The problem that this introduces is that a scale without a well understood zero measurement yields measurements that cannot be multiplied and divided. This means that we cannot think in terms of average ratings as we often do.

Rankings are Just Rankings

The upshot is that ordinal scales are just rankings, just orderings, and without a more well established underlying numerical scale rankings are very hard to compare and combine in a manner that does not obscure more than it illuminates. Decisions based on naive uses of quantification are as likely as not to be wrong and influenced by extraneous and unacknowledged factors or just be the result of random consequences of choices made along the way.

House of Cards

A Facebook post called my attention to a neat little article about why swimming rules only recognize hundredths of seconds even though modern timing technology allows much more precise measurements. The gist is this: swimming rules recognize that construction technology limits the precision with which pools can be built to something like a few centimeters in a 50 meter long pool.  At top speed a swimmer moves about 2 millimeters in a thousandth of a second.  So, if you award places based on differences of thousandths of a second, you can’t know if you are rewarding faster swimming or the luck of swimming in a shorter lane.

This observation points to the more general phenomena of false precision, misplaced concreteness (aka reification, hypostatization), and organizational irrationality rooted in sloppy and abusive quantification.

These are endemic in higher education.

Students graduate with a GPA and it’s taken as a real, meaningful thing. But if you look at what goes into it (exams designed less and more well, subjective letter grades on essays, variable “points off” for rule infractions, quirky weighting of assignments, arbitrary conversions of points to letter grades, curves, etc.), you’d have to allow for error bars the size of a city block.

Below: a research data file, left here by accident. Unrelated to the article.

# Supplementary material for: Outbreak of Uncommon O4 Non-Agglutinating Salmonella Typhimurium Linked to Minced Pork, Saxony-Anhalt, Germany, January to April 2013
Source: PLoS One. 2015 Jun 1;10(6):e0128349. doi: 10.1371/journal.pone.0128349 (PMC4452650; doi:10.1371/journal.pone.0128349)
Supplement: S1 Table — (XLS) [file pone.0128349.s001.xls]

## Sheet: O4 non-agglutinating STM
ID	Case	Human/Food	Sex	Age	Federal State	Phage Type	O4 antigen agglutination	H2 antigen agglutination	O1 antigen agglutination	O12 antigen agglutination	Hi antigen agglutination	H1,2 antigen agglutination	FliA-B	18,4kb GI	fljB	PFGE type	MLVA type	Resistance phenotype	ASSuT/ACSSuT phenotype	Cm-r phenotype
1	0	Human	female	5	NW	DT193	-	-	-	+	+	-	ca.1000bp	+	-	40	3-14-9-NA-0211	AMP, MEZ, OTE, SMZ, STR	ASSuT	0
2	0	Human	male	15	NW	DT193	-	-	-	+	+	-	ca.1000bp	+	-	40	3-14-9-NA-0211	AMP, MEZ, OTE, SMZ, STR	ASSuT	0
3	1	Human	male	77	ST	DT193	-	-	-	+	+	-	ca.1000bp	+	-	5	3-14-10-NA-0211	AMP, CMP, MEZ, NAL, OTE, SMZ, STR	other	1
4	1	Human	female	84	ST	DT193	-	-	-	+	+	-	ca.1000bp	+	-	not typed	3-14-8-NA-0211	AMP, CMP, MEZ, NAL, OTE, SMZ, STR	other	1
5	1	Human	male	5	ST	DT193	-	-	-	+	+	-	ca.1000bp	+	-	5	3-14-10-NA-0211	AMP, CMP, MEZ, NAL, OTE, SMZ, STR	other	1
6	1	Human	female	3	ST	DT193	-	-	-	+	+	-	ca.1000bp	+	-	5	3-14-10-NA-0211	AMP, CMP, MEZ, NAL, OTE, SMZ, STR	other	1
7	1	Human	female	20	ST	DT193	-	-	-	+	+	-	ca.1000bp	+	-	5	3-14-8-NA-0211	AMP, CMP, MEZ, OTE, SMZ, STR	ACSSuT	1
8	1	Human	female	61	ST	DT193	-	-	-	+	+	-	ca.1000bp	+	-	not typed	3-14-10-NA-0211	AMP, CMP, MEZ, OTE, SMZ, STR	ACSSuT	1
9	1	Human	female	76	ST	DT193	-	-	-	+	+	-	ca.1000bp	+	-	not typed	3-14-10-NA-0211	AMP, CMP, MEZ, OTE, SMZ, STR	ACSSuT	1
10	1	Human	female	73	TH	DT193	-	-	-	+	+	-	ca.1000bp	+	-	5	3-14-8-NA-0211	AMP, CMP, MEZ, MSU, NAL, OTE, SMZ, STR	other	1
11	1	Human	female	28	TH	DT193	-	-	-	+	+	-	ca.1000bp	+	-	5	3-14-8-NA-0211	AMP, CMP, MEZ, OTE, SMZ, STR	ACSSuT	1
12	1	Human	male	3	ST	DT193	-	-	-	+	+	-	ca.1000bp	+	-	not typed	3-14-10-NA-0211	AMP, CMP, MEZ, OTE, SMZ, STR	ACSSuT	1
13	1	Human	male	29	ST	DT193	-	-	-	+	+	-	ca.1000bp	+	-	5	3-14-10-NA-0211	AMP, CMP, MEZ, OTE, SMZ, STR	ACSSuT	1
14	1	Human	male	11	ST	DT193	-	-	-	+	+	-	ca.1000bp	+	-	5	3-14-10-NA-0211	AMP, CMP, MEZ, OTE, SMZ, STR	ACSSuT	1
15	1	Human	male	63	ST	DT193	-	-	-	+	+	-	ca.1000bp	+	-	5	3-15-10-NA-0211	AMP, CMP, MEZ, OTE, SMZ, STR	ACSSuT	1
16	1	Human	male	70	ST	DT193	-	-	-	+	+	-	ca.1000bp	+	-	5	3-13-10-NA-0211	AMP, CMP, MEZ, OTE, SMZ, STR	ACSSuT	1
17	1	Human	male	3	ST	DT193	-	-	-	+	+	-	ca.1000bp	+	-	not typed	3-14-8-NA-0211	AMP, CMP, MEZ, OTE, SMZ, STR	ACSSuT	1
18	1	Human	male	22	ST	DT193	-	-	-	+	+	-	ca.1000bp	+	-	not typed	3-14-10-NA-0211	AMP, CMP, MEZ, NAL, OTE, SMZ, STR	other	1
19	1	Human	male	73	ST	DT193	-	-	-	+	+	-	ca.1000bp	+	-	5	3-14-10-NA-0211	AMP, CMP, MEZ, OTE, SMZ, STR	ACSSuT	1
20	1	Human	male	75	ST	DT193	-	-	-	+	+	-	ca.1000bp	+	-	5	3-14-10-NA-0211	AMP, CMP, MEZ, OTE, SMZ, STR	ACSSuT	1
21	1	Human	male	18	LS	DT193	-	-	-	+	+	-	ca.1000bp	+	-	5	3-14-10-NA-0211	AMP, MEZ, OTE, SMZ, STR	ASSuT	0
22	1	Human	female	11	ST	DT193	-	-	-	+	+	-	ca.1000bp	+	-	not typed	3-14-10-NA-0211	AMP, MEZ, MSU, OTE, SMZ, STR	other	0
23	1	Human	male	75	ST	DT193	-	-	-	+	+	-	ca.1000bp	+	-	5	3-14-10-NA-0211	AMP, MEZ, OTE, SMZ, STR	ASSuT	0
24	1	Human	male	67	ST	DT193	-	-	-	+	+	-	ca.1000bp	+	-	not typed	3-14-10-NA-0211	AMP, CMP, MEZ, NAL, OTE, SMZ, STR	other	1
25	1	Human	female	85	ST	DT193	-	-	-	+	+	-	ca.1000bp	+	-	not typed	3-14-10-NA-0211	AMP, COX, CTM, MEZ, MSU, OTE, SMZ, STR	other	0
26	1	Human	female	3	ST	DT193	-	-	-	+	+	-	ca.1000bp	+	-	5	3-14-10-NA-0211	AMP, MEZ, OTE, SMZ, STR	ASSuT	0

Instructors fret about average scores on teaching evaluations.

“Data driven” policies are built around the analysis of tiny-N samples that are neither random nor representative.

Courses are fielded or not and faculty lines granted or not based on enrollment numbers with no awareness of the contribution of class scheduling, requirement finagling, course content overlap, perceptions of ease, and the wording of titles.

Budgets are built around seat-of-the-pants estimates and negotiated targets.

One could go on.

The bottom line is that decision makers need to recognize how all of these shaky numbers are aggregated to produce what they think are facts about the institution and its environment.  This suggests two imperatives. First, we should reduce individual cases of crap quantification.  Second, when we bring “facts” together (e.g., enrollment estimates and cost of instruction) we should adopt an “error bar” sensibility – in it’s simplest form, treat any number as being “likely between X and Y” – so that each next step is attended by an appropriate amount of uncertainty rather than an inappropriate amount of fantasized certainty.